Every year our organization, Reason Foundation, uses data reported by state departments of transportation to the federal government to show and rank the performance of state highway systems relative to one another.
This is the 24th year of our Annual Highway Report, and Florida came in 40th. That’s definitely not where any of us wants the state to rank on something as important as transportation performance and cost-effectiveness. But if we look at some of the factors that lead to this result, we can see where the challenges lie. The table shows which metrics were used in the report and how Florida ranked in each of them compared to the other states.
On the positive side, Florida does very well on the condition of roads — compared to most other states, maintenance of roads and bridges in both cities and rural areas is outstanding.
Unfortunately, that high performance comes at a high price. On overall expenditures per state-controlled lane-mile of highway, Florida comes in at 49th. On most of the expenditure categories, Florida tends to spend three to five times as much as other states. To be fair, we get great road conditions and sound bridges from that, but there are other states in the top 10 on road conditions that spend far less than Florida does to get there. So a great area for Florida leaders and the Florida Department of Transportation to focus on would be figuring out ways to be more cost-effective. That is not always easy, but there are some states worth looking at. Alabama and Tennessee, for example, have pretty good road conditions at a fraction of what Florida spends, so there might be something to learn from them.
Florida ranks 42nd in overall fatality rate on state highways, which, for those of us who drive here and have loved ones who drive here, is terrible to see. But it is hard to see what more the state government could do, and especially the department of transportation, to improve this ranking.
Florida is one of the most tourist-laden states in the country with many foreign and unfamiliar drivers navigating the roads. Our economy depends on them, so we don’t want to discourage them from driving. But the state should continue its already strenuous efforts to encourage safer driving behaviors.
There’s not a lot about the way the roads are built or maintained that could make a big difference on road safety. Florida has an extremely high rate of pedestrian/auto accidents but reports there is blame on both sides. Pedestrians struck by cars are typically crossing outside of a crosswalk or in unsafe conditions. Drivers for their part are typically speeding and/or distracted when they strike a pedestrian. You can’t really design a road to improve that much, with some exceptions. There have been some interesting experiments and using different kinds of signs and flashing signals to mark crosswalks, but again that affects people who are crossing at the crosswalk. Separating pedestrians and bicyclists from auto traffic would be effective but costly. Likewise, making sure there are sufficient crosswalks commensurate with pedestrian traffic would help a lot as well. But the bottom line is that most of the problem is with the drivers and pedestrians involved in the accident, and it’s they who have to change.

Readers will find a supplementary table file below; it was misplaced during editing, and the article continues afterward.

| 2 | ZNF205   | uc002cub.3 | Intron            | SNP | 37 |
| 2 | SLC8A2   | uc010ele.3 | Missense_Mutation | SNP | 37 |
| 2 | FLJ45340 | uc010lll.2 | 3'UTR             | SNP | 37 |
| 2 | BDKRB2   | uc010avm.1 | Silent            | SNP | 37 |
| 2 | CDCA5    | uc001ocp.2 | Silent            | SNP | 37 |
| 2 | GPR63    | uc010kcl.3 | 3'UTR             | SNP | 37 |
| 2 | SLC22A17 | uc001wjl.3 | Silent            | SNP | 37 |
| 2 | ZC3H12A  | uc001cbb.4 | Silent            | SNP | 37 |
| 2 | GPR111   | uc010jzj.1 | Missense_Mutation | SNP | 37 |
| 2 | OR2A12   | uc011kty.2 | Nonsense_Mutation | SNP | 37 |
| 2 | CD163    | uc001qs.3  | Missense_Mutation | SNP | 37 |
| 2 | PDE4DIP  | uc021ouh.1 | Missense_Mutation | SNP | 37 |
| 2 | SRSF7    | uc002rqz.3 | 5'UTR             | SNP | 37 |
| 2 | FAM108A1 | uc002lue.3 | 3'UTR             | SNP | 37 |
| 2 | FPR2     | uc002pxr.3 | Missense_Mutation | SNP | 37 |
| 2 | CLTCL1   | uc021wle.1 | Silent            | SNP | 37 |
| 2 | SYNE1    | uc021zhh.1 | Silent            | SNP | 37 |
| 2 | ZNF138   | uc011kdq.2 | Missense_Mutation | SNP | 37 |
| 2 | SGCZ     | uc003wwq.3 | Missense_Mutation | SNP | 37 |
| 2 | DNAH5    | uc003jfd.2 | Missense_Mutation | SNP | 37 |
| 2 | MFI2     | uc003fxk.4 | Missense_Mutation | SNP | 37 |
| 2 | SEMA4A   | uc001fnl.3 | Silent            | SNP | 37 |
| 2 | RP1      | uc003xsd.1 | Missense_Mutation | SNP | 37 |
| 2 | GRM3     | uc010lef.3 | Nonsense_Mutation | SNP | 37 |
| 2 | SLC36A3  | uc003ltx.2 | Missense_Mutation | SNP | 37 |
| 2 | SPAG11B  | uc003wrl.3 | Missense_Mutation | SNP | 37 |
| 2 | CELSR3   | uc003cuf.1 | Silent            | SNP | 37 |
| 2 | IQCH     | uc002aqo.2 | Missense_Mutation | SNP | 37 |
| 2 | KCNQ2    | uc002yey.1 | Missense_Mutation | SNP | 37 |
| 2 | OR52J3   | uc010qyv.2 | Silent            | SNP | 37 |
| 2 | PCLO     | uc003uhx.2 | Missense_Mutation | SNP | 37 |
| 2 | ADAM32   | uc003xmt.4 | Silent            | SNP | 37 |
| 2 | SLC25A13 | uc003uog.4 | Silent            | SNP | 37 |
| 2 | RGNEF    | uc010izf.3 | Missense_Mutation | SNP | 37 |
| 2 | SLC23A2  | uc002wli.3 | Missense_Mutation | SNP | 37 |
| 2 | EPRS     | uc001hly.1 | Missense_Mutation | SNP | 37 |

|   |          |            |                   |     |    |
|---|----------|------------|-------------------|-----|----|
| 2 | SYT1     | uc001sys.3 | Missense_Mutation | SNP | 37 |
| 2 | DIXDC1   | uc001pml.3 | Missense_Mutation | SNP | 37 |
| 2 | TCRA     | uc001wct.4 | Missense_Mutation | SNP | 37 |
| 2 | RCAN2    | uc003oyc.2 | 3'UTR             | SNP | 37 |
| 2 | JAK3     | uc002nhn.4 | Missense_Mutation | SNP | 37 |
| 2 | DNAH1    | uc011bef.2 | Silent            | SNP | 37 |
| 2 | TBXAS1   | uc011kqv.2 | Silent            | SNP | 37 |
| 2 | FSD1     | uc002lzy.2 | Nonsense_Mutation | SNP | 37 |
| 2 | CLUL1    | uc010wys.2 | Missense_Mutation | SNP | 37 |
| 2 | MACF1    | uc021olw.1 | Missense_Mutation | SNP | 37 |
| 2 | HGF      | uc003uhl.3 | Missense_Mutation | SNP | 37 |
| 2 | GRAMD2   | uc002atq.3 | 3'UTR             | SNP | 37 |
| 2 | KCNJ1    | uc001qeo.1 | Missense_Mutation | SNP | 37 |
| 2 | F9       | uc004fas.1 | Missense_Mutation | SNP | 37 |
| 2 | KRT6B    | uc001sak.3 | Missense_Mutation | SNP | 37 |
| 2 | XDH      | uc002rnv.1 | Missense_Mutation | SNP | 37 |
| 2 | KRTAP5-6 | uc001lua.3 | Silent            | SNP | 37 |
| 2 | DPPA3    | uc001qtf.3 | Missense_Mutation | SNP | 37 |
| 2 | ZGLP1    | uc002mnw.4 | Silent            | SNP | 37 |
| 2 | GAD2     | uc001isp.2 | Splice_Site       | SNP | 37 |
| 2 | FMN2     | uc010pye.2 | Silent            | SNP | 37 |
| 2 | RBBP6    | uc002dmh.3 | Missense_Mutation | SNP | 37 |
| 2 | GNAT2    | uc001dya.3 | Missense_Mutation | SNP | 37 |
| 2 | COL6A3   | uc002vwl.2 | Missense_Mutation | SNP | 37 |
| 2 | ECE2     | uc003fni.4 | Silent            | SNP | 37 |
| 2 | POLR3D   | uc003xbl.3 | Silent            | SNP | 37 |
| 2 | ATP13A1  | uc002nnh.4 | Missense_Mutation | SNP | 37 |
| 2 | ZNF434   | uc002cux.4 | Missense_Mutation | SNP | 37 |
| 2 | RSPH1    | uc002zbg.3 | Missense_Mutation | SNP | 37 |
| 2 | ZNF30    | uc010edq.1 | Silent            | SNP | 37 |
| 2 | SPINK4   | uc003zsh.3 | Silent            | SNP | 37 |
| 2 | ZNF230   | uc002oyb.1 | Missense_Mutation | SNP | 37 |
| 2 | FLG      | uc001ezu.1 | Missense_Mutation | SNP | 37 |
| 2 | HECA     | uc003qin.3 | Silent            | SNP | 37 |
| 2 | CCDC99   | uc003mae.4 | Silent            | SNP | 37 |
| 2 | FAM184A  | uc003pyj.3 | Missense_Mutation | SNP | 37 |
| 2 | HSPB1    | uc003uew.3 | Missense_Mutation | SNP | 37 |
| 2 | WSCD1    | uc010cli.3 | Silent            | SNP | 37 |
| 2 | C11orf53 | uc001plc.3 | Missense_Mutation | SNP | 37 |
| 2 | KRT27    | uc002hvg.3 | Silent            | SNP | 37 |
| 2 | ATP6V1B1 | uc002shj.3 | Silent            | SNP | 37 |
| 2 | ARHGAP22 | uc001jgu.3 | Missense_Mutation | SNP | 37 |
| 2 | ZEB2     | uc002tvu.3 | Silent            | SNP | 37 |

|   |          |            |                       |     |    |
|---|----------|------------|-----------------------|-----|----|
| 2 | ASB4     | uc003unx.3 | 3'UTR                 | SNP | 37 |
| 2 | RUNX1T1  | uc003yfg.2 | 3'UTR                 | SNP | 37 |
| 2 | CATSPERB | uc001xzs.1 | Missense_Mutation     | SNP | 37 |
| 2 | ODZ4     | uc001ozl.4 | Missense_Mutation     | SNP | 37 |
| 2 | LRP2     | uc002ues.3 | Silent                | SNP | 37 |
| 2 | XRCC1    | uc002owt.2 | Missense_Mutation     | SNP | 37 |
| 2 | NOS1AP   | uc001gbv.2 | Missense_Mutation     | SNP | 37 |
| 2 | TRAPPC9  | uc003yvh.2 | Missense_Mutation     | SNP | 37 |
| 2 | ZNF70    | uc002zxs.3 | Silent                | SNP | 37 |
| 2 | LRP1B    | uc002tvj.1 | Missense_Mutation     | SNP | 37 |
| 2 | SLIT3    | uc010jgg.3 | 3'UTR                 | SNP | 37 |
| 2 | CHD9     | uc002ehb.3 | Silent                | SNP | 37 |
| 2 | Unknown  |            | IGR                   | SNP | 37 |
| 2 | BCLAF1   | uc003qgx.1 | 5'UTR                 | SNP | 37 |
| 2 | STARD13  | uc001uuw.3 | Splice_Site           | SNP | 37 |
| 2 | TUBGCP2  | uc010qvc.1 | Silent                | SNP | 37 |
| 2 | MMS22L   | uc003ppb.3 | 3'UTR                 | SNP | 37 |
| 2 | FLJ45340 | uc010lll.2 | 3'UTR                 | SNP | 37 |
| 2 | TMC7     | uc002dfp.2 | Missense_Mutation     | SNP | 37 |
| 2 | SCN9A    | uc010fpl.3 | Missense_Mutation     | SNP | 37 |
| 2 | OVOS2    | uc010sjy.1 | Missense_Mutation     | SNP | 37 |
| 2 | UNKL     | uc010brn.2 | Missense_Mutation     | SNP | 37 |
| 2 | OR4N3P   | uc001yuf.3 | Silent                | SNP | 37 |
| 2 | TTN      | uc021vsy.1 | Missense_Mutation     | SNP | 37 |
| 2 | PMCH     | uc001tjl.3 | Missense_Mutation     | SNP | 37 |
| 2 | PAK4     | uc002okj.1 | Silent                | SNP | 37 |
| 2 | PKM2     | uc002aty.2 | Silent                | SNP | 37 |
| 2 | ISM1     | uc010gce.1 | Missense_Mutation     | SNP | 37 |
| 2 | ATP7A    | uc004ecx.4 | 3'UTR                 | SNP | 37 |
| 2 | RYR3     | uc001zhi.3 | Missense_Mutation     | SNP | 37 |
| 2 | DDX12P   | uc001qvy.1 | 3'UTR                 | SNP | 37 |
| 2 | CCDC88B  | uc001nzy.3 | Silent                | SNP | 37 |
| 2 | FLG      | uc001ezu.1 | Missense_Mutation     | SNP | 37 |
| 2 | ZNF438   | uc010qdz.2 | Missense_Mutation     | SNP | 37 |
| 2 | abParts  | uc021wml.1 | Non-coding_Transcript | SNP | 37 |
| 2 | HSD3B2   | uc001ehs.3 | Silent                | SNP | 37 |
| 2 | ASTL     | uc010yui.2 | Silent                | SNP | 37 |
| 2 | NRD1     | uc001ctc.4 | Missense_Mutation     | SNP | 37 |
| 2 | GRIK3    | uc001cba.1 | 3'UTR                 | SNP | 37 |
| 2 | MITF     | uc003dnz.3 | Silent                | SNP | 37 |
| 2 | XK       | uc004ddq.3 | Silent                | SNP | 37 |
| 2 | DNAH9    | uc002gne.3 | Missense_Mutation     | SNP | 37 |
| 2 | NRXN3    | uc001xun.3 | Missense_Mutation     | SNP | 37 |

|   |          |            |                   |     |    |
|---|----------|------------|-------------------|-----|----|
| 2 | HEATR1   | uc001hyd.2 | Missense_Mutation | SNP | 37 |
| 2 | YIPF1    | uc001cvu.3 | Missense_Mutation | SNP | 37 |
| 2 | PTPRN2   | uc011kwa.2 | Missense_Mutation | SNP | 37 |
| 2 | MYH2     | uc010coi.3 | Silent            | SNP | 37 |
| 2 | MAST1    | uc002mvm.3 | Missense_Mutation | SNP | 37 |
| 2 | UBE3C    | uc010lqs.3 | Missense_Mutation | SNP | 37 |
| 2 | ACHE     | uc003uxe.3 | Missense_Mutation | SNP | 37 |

Finally, Florida ranks 40th on urban area congestion. Florida is growing rapidly, and the transportation system needs to accommodate that growth. Decades of investing in public transit, pedestrian access and bicycle trails has appreciably increased the share of travel that happens on those modes. In Florida cities, at least 90% of all travel is still by car, and that isn’t going to change anytime soon. So the only way to reduce congestion is to increase capacity. That should be a combination of more managed lanes on the freeways, integrated with more-flexible bus rapid transit systems and improved intersection design and arterial expansion where necessary or possible. That could be costly and complicated, but so is congestion.
The bottom line for Florida’s highway performance is it’s doing very well in some areas but at a high price has some challenges not entirely in its control and has some areas where it can clearly improve. The whole point of this report is to highlight that kind of thing and show other states that might have some ideas worth borrowing. Let’s hope transportation planners in Florida are willing to do that.
Dr. Adrian Moore lives in Sarasota and is vice president at Reason Foundation. Spence Purnell is a policy analyst and lives in Orlando.